Building bonds |

5 mins

Building bonds

The Beauty Lounge owner Gemma Jarvis tells Ellen Cummings about how she grew her business from the ground up and why forging strong brand relationships has been key to growth

Gemma Jarvis’s beauty career began in 1996, when she embarked on a three-year hair and beauty course at Canterbury College. She fell in love with the beauty side of the industry and went on to work as an in-flight beauty therapist for Virgin Atlantic in 2001. After being made redundant due to the financial crash, Jarvis used the redundancy money to set up her own salon, The Beauty Room, in 2010.

Starting life in a small office building before moving to the back of a hairdressers, Beauty Lounge has now been in its own premises in Whitstable, Kent, for 10 years, and has grown into a 12-strong team. The salon is a Dermalogica Platinum account, and Jarvis has forged a strong relationship with the brand over her 26-year career.

What changes have you made to the salon recently?

“Introducing microneedling services has changed my business and it’s one of my most profitable treatments because clients are seeking out advanced treatments.

Clients are so savvy now and they know so much that I think therapists need to step it up. I feel like I know more about the science of microneedling and how it works now that I’ve done training with Dermalogica.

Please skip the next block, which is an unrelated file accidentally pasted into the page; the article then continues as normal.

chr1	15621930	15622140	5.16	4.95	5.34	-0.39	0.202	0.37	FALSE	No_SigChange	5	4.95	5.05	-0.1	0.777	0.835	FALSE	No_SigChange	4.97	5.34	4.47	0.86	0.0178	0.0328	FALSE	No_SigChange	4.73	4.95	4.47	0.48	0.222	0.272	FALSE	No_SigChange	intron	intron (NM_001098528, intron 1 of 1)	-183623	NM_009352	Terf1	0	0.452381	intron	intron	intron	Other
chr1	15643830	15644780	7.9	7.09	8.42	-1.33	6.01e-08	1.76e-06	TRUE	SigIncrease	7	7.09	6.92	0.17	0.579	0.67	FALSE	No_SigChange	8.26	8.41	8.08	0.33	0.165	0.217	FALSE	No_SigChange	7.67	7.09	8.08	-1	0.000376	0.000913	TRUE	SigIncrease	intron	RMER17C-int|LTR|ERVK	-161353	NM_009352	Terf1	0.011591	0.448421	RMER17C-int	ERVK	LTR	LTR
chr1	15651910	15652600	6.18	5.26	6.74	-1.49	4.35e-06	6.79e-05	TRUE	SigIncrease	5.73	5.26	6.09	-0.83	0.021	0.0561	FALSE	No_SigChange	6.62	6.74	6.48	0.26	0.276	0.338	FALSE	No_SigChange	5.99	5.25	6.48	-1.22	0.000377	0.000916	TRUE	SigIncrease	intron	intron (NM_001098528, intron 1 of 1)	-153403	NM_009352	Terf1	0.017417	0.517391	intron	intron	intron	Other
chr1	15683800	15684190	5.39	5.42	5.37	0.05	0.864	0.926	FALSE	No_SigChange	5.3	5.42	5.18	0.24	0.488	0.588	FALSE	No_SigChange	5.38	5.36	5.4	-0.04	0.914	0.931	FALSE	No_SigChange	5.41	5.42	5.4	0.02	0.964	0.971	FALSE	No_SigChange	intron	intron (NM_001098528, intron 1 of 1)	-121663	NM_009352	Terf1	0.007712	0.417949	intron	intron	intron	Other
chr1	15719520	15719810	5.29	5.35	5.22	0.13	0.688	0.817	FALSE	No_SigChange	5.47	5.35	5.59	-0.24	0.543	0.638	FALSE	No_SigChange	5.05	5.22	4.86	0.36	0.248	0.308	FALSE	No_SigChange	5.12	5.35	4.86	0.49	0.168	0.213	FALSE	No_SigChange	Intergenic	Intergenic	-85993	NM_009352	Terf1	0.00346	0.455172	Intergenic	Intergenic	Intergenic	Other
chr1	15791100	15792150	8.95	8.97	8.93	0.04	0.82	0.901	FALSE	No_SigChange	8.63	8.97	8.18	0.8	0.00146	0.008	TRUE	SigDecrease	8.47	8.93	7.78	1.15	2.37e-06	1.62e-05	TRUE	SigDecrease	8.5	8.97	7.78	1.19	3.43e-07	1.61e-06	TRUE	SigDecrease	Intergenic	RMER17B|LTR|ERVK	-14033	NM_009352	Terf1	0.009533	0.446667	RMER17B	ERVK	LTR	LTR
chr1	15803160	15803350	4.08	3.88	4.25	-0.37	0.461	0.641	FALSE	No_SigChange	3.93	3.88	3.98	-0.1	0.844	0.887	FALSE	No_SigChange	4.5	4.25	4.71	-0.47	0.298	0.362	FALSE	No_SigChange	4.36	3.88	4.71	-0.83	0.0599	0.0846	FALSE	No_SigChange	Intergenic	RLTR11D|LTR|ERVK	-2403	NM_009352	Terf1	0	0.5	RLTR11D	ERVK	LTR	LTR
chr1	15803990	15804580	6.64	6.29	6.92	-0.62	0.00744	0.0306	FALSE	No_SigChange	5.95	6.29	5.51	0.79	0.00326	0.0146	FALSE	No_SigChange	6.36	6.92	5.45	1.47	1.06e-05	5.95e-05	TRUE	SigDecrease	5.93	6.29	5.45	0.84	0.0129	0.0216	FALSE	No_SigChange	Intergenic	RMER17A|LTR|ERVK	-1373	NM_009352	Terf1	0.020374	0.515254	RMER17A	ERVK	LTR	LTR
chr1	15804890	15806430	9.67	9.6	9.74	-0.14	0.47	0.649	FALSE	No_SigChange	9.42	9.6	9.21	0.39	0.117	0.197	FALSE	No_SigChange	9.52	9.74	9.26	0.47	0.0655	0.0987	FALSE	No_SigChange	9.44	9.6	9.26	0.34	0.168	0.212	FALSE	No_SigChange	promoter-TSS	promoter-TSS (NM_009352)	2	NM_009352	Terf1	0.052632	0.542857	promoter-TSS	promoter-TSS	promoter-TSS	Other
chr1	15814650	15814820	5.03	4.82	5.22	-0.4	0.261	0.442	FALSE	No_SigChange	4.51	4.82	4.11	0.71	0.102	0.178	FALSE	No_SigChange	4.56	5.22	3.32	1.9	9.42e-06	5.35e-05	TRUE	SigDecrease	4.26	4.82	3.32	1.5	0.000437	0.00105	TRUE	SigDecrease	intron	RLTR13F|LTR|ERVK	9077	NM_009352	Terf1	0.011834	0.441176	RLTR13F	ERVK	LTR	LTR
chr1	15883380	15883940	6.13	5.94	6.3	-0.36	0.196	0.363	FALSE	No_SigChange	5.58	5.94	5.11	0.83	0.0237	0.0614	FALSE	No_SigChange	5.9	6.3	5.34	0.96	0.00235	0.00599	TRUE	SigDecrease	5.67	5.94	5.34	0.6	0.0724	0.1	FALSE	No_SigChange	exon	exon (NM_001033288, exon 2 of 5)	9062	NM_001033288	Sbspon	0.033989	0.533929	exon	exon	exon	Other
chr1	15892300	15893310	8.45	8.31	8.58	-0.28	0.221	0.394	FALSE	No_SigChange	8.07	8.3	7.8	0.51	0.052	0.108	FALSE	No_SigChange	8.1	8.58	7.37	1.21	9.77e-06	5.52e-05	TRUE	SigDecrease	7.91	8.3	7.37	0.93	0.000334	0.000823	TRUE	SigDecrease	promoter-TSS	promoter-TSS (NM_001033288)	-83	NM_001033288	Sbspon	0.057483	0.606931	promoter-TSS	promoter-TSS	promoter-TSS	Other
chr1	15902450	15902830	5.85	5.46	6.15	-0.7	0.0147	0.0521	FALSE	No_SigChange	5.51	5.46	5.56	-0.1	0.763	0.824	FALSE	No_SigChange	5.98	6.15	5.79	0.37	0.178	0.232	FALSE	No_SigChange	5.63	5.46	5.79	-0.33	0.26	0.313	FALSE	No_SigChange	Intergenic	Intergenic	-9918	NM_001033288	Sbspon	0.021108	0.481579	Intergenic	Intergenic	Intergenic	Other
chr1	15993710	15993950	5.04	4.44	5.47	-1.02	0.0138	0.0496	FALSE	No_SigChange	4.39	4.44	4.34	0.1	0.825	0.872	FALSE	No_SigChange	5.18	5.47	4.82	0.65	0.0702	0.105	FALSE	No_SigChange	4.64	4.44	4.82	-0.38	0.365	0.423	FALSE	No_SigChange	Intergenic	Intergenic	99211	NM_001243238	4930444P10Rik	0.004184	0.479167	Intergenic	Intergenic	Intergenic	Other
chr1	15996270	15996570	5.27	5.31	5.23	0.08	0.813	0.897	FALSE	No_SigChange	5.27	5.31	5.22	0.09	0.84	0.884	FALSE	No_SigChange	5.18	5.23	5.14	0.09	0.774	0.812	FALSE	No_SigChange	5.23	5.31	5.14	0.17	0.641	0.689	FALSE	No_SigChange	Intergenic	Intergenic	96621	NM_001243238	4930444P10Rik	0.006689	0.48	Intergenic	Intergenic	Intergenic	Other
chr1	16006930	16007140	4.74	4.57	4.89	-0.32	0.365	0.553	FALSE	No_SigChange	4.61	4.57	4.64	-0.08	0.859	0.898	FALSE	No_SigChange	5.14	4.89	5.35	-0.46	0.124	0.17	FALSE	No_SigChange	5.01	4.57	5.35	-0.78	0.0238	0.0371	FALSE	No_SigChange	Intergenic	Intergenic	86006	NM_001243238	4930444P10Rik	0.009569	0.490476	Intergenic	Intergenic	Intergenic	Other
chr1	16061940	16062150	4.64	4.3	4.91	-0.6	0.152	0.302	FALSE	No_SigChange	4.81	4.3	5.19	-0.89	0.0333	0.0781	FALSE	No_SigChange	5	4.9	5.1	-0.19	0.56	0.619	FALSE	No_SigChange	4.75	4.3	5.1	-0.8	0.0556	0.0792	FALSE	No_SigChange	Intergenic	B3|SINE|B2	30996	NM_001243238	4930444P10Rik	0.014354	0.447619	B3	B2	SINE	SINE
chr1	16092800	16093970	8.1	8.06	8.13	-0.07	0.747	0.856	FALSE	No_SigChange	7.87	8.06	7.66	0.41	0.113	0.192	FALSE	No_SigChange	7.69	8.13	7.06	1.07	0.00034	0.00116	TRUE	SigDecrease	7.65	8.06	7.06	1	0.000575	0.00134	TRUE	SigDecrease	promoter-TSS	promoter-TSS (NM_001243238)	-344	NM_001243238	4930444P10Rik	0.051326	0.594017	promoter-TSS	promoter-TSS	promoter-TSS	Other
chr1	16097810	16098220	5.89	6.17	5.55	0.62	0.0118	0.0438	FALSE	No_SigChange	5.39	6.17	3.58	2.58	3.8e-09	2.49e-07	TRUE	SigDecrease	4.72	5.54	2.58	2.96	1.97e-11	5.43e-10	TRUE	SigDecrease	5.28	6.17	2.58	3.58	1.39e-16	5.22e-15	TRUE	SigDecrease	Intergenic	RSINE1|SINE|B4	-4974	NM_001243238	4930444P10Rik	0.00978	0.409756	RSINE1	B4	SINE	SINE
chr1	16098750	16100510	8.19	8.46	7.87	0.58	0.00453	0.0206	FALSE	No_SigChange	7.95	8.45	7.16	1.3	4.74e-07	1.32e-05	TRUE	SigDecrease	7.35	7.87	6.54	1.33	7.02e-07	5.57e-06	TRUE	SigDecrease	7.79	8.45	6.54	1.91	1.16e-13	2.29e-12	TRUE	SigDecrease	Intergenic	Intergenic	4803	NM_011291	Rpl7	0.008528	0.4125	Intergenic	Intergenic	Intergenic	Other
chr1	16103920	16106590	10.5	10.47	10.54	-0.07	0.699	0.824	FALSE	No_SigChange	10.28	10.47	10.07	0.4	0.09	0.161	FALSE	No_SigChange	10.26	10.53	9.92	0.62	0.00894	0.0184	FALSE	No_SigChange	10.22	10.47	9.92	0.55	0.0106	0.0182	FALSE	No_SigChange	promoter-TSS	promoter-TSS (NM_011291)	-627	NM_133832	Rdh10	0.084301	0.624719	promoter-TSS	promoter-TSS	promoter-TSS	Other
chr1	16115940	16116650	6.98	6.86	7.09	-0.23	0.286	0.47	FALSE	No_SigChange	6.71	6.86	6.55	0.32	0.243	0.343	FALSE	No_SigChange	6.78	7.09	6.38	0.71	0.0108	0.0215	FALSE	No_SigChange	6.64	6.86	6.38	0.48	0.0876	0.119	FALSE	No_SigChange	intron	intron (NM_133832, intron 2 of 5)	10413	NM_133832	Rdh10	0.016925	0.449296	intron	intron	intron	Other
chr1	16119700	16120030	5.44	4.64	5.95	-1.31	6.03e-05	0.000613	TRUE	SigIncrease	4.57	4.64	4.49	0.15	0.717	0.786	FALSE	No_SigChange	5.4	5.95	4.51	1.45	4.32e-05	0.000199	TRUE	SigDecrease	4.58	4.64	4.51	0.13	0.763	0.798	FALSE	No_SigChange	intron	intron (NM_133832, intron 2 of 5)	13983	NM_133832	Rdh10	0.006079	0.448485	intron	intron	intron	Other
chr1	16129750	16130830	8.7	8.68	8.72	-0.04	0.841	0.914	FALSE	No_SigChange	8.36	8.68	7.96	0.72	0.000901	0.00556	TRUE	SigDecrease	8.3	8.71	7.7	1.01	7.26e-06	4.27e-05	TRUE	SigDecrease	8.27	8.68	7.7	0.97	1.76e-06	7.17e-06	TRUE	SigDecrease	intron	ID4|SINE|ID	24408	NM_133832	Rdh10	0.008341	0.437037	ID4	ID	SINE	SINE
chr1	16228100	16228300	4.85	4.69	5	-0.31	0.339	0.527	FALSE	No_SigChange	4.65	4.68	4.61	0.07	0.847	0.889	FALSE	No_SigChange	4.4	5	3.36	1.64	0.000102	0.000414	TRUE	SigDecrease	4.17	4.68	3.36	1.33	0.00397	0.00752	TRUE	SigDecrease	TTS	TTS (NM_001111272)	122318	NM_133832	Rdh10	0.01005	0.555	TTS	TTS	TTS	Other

“Microneedling was on my radar for a while because it bridges that gap between skin treatments and aesthetics. It’s something I’d invested in doing just before Dermalogica brought it out, with a company that had a needling pen, but then Dermalogica brought out their own so obviously it went hand in hand for me to go with them as they are my main product house.”

Why did you originally choose to work with Dermalogica?

“I used the brand when I was in college, and it’s stayed with me. They’re always bringing out new innovations, and that’s what I love. I’ve used other brands when I worked in different places, but the level of education from Dermalogica has always blown me away – and it’s free. The support you get is incredible; every account that turns over £1,500 a year gets their own representative.

“I’m always in contact with my rep, Jane, and I also know the general manager and the sales director – and I don’t know of many other big companies where you know the management personally. I had a hard time at the start of the year; I had damp, so had to shut up shop for week and have all new flooring, and Mark Hermann (Dermalogica’s UK general manager) sent me a really touching message.”

You’re very strong on education at the salon; how are you driving this?

“Having apprentices is really important to me. I’ve had four during my time at the salon, and three are still with me now. It’s hard to go out there straight from college with no experience, so I think apprenticeships are amazing. It’s lovely for us as therapists to watch them grow.

“I also work with Dermalogica’s undergraduate programme – Ieven got asked to give a talk at Canterbury College, so it was quite emotional to go back to where I started. I’m passionate about helping the younger generation because I feel like we should invest in this industry.”